• Secret weather machines and chemtrails have not affected us. Again, c’mon. We’re into tin foil hat and James Bond supervillain territory. All we need is a fluffy white cat with green eyes to look down its nose at us. Besides, government scientists are too busy responding to Zika mosquito and Ebola threats.
• Osama bin Laden is not still hiding in a cave. Nope. Still dead. (Personally, I think Obama’s press secretary should have had him open every press conference with this.)
• The country did not become a dictatorship run by czars. Looking back on the last eight years, does anyone really believe the Democrats could have pushed through a dictatorship, czar-run or otherwise? Oh, wait, Obama was supposed to do that with the stroke of a pen by canceling elections. Did that happen while we weren’t looking? Or while I was standing in line for an hour to vote?

Doesn’t anyone feel the least bit silly?

I’d say that now we’re going to see similar fears and threat assessments from the liberals, but they don’t have Frank Luntz, linguistic spin doctor extraordinaire, on their side. Can America ride out the new administration the way it did the last one? There may be – will be – have been – incidents of hate and violence and ugliness. There will certainly be protest movements (though I hope they pick a better name than “teabaggers”). Neighbors and families and politicians are not going to get together, hold hands, and sing “Kumbayah.”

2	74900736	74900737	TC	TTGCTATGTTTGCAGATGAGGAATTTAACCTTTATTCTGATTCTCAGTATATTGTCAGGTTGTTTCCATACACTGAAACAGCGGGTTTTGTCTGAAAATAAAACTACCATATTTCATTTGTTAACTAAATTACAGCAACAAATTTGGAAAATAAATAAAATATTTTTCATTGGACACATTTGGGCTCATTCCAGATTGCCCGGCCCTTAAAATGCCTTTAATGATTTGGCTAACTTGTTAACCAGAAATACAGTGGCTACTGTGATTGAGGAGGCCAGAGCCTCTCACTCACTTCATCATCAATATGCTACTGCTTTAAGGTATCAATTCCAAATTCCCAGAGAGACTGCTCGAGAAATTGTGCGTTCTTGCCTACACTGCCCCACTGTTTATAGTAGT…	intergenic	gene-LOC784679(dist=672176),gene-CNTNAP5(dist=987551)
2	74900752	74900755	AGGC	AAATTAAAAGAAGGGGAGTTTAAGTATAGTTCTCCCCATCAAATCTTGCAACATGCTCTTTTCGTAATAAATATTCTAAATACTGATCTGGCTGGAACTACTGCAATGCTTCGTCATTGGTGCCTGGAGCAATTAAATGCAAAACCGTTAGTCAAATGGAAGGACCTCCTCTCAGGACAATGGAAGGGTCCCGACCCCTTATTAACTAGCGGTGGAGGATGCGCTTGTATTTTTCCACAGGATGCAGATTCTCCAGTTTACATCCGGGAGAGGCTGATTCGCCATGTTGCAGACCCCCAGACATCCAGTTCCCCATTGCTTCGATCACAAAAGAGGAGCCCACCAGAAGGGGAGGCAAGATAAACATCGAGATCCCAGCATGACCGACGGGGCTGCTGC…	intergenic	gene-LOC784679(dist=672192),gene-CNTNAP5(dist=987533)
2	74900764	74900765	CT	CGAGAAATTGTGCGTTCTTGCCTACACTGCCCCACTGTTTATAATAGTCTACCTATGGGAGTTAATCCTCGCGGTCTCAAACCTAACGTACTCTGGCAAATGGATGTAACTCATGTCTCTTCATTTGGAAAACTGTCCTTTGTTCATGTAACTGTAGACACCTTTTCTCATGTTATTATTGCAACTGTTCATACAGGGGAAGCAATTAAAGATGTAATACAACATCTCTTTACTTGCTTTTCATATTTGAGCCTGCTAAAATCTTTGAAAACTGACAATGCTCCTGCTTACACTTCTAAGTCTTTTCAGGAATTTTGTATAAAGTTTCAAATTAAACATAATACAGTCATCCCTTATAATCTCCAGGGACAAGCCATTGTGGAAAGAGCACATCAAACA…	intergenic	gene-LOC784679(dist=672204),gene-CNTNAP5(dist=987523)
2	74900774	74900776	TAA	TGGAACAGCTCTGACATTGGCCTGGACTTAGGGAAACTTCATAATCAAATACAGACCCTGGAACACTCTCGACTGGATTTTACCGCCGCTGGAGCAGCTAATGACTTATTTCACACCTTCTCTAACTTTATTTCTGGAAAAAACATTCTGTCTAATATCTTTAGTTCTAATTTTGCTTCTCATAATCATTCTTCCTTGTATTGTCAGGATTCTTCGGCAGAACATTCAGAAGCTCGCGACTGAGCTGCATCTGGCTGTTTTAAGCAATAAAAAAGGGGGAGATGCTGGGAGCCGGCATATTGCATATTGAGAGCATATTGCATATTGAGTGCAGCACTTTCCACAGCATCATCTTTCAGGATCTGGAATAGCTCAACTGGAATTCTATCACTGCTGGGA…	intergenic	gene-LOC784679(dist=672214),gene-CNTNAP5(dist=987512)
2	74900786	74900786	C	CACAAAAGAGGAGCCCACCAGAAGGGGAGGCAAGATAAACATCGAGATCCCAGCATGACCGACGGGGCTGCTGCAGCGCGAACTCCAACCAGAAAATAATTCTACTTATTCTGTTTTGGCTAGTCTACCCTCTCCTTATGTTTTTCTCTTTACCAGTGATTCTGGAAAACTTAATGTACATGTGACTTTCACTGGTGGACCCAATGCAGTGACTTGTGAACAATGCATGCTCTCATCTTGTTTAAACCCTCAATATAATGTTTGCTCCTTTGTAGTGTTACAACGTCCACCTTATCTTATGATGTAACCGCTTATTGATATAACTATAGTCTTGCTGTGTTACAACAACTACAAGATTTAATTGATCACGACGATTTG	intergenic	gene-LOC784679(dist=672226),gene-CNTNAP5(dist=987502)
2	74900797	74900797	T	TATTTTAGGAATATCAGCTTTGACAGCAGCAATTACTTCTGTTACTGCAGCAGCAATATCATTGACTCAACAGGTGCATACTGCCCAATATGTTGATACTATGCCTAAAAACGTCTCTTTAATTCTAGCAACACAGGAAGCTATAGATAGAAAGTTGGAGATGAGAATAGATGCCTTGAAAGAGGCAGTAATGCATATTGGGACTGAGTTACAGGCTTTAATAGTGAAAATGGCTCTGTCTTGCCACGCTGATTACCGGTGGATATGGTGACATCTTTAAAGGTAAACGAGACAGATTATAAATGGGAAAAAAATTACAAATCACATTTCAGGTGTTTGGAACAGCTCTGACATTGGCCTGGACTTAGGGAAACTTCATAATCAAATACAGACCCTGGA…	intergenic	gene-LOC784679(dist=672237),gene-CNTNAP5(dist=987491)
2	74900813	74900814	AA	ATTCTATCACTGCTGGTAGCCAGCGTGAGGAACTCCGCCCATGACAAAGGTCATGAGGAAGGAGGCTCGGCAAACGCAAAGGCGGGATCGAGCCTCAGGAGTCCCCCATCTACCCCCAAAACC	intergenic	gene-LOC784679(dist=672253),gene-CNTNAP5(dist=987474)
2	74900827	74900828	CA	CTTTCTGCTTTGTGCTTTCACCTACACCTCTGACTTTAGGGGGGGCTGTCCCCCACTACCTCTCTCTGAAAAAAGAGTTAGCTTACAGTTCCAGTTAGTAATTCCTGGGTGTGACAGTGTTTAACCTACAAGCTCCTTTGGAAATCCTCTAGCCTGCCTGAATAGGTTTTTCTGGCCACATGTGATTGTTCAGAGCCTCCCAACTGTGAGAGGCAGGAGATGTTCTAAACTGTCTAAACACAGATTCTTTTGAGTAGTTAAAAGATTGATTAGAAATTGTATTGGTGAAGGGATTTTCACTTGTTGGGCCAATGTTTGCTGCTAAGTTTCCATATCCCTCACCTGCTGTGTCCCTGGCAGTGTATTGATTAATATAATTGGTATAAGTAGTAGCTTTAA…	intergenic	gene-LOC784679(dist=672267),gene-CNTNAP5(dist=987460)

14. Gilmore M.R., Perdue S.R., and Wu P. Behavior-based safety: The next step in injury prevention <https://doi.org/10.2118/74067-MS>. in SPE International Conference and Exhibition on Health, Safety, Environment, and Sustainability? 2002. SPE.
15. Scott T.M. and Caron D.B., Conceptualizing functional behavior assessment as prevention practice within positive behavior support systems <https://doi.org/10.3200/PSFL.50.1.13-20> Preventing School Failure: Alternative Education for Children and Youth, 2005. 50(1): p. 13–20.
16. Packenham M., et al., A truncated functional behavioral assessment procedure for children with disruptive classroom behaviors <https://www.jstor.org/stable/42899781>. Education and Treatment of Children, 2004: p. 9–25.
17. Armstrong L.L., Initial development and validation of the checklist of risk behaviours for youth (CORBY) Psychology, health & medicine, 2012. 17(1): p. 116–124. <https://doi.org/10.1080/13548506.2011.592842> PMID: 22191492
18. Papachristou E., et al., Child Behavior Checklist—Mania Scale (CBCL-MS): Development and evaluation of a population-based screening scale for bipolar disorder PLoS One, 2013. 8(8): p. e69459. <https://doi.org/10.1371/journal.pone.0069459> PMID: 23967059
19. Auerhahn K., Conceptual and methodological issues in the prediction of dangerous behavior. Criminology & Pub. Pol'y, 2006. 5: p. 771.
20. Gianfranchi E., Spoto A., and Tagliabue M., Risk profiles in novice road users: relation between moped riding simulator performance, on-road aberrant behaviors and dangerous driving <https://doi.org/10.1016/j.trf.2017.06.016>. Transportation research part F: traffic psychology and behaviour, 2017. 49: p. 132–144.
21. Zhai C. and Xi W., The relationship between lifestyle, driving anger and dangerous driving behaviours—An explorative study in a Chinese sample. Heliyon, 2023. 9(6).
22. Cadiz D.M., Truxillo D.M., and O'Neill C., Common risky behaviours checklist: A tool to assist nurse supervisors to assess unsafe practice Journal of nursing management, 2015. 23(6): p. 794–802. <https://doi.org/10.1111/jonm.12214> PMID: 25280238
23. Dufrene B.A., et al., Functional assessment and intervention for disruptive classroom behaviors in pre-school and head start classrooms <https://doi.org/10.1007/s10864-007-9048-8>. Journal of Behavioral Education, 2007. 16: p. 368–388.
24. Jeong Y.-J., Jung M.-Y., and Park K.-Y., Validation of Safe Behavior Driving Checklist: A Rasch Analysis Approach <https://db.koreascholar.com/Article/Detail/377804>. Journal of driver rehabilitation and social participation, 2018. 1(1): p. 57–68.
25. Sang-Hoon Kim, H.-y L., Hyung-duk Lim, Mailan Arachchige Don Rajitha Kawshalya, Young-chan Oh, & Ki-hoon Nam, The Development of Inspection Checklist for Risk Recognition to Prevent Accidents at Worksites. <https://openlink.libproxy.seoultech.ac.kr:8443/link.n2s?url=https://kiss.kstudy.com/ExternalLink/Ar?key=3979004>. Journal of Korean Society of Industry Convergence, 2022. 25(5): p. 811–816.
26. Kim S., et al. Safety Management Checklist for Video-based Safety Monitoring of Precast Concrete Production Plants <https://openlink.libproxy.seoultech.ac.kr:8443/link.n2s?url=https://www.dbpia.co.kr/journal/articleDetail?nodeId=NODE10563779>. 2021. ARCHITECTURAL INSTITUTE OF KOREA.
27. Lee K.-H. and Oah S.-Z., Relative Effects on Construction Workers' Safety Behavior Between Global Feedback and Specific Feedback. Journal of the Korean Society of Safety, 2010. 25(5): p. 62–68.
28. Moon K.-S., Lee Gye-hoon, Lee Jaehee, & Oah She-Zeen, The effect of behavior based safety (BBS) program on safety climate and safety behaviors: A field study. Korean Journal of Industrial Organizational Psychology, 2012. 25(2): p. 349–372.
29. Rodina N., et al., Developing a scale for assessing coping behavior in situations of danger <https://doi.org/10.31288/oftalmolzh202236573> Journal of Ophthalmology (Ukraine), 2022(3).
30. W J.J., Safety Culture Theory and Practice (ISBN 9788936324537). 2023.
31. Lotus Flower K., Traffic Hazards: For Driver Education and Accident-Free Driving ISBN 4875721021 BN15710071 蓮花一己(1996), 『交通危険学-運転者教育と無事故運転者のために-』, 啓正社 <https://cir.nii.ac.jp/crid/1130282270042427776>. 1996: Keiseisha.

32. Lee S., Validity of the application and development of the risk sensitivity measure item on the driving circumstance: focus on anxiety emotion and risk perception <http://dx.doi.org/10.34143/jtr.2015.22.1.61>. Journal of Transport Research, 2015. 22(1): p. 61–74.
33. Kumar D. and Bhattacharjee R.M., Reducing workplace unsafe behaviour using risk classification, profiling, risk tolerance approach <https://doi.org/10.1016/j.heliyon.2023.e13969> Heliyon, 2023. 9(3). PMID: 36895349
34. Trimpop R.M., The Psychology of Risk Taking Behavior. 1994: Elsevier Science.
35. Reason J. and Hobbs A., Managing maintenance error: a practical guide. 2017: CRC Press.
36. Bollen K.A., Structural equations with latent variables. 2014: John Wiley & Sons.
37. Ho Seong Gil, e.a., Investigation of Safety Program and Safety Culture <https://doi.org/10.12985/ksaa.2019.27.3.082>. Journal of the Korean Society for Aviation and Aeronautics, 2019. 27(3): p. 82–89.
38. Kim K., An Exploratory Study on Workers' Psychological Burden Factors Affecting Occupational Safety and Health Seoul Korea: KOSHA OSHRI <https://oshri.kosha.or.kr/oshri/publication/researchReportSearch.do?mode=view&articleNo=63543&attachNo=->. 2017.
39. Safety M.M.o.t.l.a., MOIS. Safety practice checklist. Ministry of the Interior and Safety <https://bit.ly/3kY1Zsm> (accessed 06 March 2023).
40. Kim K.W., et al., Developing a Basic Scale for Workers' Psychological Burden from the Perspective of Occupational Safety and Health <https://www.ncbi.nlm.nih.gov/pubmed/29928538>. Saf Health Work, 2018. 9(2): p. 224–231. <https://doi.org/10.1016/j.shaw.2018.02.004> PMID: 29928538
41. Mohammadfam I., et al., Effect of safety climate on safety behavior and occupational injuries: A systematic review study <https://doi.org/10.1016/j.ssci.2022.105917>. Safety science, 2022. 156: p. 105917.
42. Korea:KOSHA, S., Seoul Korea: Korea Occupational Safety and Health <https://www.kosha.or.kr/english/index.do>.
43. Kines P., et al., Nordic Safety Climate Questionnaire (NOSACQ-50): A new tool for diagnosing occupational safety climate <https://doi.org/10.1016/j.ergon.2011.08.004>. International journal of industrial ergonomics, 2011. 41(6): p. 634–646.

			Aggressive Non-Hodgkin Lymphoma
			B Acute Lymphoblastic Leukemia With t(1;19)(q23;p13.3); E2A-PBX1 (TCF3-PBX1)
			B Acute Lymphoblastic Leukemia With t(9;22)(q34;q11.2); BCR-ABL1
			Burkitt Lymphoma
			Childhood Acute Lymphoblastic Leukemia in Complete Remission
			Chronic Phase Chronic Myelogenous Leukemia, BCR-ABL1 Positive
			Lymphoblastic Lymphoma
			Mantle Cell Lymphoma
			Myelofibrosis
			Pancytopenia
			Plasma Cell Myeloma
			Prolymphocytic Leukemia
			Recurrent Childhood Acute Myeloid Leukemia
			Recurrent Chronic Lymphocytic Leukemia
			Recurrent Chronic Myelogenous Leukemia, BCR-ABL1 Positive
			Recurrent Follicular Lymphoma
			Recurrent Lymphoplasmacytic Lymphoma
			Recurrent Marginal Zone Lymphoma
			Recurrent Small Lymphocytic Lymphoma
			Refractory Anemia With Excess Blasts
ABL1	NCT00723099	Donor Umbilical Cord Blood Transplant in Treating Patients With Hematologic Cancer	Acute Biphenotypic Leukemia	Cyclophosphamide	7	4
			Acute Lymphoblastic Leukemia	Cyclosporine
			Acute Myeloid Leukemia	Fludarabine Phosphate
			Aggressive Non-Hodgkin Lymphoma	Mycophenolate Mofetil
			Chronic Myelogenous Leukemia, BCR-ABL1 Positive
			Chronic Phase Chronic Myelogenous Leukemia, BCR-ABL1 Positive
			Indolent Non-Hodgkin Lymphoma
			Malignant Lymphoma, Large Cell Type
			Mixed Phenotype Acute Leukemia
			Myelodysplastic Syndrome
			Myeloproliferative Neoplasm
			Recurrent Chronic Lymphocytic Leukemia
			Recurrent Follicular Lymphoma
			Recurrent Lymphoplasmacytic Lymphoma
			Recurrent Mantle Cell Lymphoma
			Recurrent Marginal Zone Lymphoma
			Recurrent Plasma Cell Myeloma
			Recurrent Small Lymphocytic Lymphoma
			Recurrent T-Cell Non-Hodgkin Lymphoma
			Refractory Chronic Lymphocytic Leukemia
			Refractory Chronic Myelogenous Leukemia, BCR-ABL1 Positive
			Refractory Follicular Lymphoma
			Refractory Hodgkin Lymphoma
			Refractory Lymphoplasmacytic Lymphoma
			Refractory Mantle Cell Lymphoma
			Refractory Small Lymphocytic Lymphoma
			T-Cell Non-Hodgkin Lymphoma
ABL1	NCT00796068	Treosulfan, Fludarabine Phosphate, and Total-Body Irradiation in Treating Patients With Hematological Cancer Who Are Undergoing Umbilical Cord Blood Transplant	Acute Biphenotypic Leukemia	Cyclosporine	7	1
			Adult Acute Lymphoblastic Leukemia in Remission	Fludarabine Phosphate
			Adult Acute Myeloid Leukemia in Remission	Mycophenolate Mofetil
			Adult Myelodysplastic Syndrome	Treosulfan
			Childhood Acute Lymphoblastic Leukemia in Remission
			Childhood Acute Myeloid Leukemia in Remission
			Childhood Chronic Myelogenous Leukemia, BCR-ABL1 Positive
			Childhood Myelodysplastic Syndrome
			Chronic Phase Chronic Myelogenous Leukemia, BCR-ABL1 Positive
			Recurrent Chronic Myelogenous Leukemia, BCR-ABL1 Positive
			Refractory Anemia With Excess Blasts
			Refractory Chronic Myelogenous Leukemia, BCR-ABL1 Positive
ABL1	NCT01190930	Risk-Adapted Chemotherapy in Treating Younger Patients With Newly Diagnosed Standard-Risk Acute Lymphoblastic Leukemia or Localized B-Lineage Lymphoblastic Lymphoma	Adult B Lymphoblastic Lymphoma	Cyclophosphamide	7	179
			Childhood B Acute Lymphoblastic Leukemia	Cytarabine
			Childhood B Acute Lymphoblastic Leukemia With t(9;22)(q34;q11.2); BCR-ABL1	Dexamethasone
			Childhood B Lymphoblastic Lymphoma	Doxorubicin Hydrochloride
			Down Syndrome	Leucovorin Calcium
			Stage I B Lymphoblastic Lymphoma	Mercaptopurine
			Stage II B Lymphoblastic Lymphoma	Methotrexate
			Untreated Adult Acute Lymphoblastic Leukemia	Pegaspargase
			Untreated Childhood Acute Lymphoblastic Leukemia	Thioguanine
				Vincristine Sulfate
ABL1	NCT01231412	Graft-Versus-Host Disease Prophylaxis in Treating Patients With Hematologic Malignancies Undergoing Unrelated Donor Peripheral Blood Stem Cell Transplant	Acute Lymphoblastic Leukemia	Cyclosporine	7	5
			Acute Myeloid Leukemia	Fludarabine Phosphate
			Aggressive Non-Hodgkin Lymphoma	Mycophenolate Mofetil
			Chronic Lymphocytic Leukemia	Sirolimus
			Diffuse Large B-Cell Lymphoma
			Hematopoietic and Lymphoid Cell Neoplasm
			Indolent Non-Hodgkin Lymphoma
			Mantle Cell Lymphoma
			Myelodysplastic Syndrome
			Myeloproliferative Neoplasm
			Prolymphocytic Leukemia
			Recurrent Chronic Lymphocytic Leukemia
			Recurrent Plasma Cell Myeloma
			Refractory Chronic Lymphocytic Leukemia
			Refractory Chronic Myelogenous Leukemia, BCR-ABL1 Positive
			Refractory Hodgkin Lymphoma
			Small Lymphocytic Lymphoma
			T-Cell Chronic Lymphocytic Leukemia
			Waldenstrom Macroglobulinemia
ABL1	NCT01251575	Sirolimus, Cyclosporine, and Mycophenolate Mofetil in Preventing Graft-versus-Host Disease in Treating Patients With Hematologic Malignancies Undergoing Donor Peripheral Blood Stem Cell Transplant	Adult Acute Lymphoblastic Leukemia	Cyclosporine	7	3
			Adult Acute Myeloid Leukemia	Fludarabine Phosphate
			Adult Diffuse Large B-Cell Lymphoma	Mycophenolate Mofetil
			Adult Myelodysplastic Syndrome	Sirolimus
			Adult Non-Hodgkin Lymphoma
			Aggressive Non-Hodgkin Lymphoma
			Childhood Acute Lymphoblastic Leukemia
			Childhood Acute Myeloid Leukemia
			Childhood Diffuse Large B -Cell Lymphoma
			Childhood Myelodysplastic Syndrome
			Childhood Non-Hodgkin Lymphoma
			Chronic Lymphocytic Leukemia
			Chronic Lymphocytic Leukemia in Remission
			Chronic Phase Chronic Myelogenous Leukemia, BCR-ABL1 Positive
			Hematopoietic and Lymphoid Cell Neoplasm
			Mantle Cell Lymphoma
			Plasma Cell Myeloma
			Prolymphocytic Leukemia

But we got through the last eight divisive years. And the eight divisive years before that. I know many people fear mass deportations, internment camps, and war, either civil or nuclear. Are those fears reasonable? Will they come to pass?

Meet me back here in four years.

The Never-Ending Election

Vote ConceptI’ve been longing for the political season to be over – for the election and the vote counting and the inauguration, so that at least by January, we can all get back to normal life, whatever that is.

Then I realized that this election will never be over.

That’s been the trend with the last several elections. Even after the outcome should have been long settled, the sloganeering and mudslinging continue.

It may have begun back during Bill Clinton’s presidency, when roadblocks were slammed in front of his attempts at health care reform (and is it any wonder, considering that Hillary was put in charge of that instead of beautifying drug-free literate America or something similar?). Then came the calls for impeachment, which Bill prompted by sexual misconduct and lying about it, an age-old practice that no doubt more than a few members of Congress had also pursued. But that was about it for getting anything done that term.

The rhetoric was vicious. Once I was playing a party game in which you had a famous person’s name on your back and had to guess who you had based on comments and questions. The person with the Bill Clinton tag was told, “I hope you rot in hell.”